Passing Time
Ron Roy

Novel - Paperback
290 pages
Print - $17.95 / PDF - $5.00
ISBN: 978-0-9827136-1-7




“Blue Cubicle Press, which is responsible for the wonderful Workers Write! and Overtime series, is publishing ... PASSING TIME ... Ron Roy’s honest and compelling coming-of-age novel set on the papermaking floor of a New England mill. The story is set within an experience with which many readers will be able to relate–taking a job in the factory while stopping out from college (as opposed to summer employment). The temporary/maybe not temporary nature of such employment makes for only one of the interesting tensions in the novel. Roy’s descriptions of the factory floor are accurate, entertaining and insightful (since I have spent a great deal of time on paper mill floors I can attest to this); he captures everything from safety to craftsmanship to horseplay to the extreme diversity of what comes to the workplace in employee lunch boxes. He nails the notion in paper mills that company profits are inversely connected to how strenuously workers are forced to labor and that the noxious fumes from a pulp mill are the ‘smell of money.’”

-- John Beck, Our Daily Work/Our Daily Lives _____________________________________________________________

Eugene (“Gene”) Wheeler always wanted to be an engineer, but after failing math, he drops out of college and takes a job in his hometown paper mill. He hopes the dead-end job will allow him to be a robot--go through the motions--as he considers his options for the future. From his first day on the job, however, he finds himself caught between two groups of men, each devoted to the job in their own way and determined to include him in their ranks. Gene discovers the job is not the smooth ride he envisioned and soon realizes there are no time outs in life.

From Passing Time:

He plunged through the doorway and into the corridor as it stretched before him for what seemed like miles. Brick walls and machinery gave way to excess paper in the warehouse, rolls six feet in diameter and ten feet wide, stacked to the ceiling, canyon walls clear to the exit, where the lights of the parking lot glittered, promising safety and sanity and a dozen other things that he'd always taken for granted, that he'd always expected to be his very own.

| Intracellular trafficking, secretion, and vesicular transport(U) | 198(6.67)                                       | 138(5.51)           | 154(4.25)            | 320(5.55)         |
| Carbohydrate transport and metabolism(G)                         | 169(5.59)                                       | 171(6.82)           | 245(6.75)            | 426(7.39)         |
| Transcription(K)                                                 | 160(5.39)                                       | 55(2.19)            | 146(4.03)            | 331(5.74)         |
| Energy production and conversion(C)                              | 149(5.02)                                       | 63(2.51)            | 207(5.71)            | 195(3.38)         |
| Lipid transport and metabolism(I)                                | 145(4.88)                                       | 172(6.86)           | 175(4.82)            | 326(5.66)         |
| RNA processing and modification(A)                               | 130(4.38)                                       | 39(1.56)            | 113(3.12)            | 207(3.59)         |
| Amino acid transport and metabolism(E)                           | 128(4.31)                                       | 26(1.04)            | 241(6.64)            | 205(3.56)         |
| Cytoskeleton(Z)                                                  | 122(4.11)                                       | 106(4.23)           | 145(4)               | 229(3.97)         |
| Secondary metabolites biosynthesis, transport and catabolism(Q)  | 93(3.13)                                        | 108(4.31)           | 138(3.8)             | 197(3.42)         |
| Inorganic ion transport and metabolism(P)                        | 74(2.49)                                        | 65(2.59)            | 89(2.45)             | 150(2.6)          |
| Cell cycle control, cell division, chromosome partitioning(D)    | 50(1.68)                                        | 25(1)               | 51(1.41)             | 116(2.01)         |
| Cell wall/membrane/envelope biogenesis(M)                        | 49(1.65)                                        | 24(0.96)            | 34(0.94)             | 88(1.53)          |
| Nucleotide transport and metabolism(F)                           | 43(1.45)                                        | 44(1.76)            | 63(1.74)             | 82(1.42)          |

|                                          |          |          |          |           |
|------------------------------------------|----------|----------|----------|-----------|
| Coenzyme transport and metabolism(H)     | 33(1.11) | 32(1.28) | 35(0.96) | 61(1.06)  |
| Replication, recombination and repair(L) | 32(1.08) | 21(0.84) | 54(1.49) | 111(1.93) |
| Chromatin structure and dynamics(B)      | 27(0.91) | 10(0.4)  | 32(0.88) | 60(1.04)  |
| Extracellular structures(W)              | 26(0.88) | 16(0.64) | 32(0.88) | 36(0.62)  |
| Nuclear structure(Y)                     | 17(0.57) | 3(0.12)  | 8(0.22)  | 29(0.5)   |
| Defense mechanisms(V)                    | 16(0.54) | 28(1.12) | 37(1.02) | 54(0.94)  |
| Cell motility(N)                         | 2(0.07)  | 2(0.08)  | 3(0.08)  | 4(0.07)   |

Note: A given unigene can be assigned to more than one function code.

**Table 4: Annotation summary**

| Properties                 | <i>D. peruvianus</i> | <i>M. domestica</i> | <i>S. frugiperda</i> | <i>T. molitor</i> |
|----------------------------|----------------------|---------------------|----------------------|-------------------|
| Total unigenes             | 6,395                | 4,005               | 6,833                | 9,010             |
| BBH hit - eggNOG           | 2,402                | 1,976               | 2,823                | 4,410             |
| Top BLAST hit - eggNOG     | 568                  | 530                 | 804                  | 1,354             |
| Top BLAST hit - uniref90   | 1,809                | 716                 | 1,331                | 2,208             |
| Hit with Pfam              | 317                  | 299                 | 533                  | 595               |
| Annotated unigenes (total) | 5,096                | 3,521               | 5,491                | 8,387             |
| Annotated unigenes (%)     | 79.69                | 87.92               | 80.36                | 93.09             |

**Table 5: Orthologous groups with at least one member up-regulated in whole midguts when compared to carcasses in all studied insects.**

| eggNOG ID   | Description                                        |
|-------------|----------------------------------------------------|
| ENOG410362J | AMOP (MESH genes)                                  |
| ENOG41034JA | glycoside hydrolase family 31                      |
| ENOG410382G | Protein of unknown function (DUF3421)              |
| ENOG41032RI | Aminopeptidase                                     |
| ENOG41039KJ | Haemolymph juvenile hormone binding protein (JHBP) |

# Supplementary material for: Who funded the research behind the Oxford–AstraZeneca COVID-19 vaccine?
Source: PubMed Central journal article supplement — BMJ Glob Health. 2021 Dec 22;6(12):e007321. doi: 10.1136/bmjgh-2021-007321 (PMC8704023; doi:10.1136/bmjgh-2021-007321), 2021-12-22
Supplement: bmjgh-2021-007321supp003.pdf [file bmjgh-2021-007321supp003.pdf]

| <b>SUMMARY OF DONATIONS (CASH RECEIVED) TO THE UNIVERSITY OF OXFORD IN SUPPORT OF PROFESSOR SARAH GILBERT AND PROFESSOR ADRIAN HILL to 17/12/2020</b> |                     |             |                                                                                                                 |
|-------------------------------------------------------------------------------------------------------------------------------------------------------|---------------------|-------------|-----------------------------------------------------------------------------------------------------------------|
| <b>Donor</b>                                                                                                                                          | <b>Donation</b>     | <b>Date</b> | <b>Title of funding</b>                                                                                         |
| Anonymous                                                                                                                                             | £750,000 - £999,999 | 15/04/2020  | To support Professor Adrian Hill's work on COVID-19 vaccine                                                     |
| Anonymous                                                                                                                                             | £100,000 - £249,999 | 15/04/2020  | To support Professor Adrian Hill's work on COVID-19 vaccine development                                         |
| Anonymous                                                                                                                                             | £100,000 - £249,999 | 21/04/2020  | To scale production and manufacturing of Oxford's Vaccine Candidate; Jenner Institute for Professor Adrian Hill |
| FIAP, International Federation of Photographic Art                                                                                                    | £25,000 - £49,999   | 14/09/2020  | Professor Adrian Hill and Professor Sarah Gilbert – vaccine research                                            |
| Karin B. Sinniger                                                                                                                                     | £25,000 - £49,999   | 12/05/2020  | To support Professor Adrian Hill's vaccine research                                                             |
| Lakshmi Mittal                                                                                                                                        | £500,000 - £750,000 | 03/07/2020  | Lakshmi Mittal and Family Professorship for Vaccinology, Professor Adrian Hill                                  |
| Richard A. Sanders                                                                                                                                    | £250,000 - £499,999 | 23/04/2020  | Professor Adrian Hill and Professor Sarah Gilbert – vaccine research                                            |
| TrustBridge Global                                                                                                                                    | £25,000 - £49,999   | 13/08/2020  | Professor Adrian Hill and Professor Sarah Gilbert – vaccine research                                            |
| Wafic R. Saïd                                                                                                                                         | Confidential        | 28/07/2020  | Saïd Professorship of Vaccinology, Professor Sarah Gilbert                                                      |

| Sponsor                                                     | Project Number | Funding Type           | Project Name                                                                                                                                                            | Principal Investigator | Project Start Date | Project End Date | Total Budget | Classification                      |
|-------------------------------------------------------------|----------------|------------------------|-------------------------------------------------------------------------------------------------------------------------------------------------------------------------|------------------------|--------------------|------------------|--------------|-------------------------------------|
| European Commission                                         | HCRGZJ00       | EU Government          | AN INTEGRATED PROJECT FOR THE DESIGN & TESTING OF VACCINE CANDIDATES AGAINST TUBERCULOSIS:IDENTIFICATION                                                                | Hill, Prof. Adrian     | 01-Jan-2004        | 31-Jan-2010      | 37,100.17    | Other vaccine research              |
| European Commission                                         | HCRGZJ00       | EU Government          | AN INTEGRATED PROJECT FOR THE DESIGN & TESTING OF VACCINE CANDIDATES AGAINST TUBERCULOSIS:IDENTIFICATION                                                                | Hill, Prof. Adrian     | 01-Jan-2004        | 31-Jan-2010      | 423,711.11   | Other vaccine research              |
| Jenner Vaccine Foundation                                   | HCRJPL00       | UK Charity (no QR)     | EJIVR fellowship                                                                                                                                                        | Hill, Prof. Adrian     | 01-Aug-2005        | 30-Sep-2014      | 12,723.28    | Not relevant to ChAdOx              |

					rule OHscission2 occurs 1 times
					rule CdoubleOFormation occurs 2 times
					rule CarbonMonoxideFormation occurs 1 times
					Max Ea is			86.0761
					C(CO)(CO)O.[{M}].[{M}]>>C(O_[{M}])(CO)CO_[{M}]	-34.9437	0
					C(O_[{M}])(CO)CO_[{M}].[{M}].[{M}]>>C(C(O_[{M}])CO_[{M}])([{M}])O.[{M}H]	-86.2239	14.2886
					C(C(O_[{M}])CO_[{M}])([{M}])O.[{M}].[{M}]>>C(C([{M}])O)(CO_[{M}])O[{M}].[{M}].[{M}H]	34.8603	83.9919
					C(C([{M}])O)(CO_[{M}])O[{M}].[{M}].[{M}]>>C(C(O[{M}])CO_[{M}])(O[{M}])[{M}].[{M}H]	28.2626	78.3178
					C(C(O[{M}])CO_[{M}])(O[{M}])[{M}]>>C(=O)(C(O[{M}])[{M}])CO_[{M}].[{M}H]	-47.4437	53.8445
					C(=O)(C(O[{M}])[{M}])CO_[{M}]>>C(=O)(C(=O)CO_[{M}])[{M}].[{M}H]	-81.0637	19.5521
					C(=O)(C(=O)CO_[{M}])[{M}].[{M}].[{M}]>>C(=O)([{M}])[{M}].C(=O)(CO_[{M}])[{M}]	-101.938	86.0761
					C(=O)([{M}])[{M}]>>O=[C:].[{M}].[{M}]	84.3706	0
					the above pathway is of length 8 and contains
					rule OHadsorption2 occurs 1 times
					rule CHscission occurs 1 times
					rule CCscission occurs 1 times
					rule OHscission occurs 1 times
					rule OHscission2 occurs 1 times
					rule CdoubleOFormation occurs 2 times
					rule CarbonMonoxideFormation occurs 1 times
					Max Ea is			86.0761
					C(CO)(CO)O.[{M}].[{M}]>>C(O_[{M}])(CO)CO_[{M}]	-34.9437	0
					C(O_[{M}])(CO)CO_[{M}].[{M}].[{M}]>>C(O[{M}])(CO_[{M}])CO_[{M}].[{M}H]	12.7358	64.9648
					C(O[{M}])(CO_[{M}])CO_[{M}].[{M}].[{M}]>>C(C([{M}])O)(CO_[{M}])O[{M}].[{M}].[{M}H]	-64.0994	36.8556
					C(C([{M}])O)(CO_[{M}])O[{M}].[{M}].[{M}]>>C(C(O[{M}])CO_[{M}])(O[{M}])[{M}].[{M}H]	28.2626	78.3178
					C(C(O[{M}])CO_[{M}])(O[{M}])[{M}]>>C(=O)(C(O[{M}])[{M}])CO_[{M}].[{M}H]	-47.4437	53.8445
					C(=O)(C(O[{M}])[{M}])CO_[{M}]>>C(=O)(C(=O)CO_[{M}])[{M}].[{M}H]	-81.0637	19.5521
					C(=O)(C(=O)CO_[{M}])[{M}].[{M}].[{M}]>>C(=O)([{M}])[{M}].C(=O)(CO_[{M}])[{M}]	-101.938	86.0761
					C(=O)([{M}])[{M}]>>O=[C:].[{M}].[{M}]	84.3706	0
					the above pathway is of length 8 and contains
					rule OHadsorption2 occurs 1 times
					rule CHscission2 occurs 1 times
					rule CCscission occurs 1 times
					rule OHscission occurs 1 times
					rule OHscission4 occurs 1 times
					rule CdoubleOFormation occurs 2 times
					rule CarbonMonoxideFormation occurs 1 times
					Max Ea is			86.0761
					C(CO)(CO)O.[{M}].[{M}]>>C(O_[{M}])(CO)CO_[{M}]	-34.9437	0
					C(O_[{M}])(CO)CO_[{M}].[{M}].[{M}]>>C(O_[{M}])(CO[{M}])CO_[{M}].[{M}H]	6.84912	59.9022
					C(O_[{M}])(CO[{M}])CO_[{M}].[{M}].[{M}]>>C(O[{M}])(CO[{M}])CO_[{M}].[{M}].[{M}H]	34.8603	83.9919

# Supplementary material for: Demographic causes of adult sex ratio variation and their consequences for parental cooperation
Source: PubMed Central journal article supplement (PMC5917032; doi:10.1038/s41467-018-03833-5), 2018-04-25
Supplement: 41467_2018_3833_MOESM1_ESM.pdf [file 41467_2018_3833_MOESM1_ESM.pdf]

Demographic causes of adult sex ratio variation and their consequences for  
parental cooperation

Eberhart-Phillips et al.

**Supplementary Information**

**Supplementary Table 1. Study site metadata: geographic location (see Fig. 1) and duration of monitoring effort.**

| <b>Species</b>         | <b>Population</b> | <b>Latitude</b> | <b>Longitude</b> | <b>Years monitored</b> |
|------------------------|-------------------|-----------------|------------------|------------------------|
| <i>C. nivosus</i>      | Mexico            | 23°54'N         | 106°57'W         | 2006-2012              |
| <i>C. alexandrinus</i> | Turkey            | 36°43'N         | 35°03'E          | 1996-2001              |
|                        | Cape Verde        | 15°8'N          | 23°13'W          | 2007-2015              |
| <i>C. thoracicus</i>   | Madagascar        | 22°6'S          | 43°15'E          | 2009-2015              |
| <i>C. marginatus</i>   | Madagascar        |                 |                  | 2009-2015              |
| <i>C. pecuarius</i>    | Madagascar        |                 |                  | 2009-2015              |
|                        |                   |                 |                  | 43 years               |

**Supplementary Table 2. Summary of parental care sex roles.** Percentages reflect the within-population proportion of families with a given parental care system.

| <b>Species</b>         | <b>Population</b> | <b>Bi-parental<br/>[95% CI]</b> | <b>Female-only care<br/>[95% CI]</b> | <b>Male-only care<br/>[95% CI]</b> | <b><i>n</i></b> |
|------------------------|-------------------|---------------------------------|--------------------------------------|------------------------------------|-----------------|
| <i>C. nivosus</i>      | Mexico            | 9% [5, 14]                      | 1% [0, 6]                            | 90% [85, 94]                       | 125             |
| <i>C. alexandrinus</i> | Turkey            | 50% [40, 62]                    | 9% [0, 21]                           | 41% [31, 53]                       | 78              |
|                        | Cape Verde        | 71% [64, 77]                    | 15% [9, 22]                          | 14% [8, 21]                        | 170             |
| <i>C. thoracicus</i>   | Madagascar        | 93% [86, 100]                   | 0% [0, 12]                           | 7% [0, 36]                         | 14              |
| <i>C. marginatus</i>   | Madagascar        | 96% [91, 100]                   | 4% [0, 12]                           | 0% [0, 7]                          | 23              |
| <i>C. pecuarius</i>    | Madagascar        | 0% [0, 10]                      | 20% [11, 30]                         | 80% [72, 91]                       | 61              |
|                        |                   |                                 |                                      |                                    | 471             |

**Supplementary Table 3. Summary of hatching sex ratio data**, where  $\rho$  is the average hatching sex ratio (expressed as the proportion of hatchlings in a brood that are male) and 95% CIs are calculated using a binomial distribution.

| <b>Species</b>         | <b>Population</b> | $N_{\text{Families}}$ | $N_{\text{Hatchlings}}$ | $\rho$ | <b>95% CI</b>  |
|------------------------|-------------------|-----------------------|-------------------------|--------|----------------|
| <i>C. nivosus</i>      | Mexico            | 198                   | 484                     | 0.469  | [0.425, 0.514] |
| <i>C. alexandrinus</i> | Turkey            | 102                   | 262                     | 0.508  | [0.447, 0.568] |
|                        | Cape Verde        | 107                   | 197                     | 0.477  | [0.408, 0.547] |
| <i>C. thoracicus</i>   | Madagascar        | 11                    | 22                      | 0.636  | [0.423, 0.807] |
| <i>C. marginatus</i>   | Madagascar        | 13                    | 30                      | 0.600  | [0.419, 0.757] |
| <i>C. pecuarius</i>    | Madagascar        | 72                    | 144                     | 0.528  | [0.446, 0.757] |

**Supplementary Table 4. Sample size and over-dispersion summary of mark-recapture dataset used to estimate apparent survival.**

He walked toward the light, holding himself back, trying not to run, dragging the stick along the wire-mesh that stood between him and the rolls. At first, he took comfort in the tiny jolts that ran through the foot-long wooden dowel and up his arm, but when he reached the first sign: BETTER SAFE THAN SORRY, these were not enough. He smashed his lunch box on the sign, splattering the remnants of his supper across the bright orange metal.

And then he ran.

Signs flashed by him as he sprinted down the corridor. MORE CARE-LESS HASTE. HEAVY EQUIPMENT. He ran past a security guard who stuck out one hand as if to stop him, but then he seemed to think better of it and backed away.

At the first junction, he caught a flash of red out of the corner of his eye--MOVING VEHICLES--but plunged across the aisle, anyway. Propane filled his nostrils. A horn sounded, and he dodged out of the way as the forklift brushed against his leg. "Are you fucking crazy?" the driver screamed, but Gene left him far behind.
The PINCH AREA sign showed a stick man caught between two gears, but he couldn't read the last one, its thick, black letters blurred by his tears. He remembered it, of course, the first one he'd seen on his first day: DANGER: MEN AT WORK. Back then, he'd thought the danger was in the WORK itself, but now he knew that it was in the MEN.

The Author:
Ron Roy grew up in Northern New England in the shadow of the Presidential Range and the Brown Paper Company. He graduated from St. Michael's College in Winooski, Vermont, with a degree in literature. After a brief stint at The Company, he made his living in the healthcare industry, primarily in the operating room and sterile processing. He lived in Dallas, Texas, for twenty-five years and recently returned to New Hampshire where he has driven cars for an automobile dealership and flagged traffic for a construction crew. Passing Time is his first novel.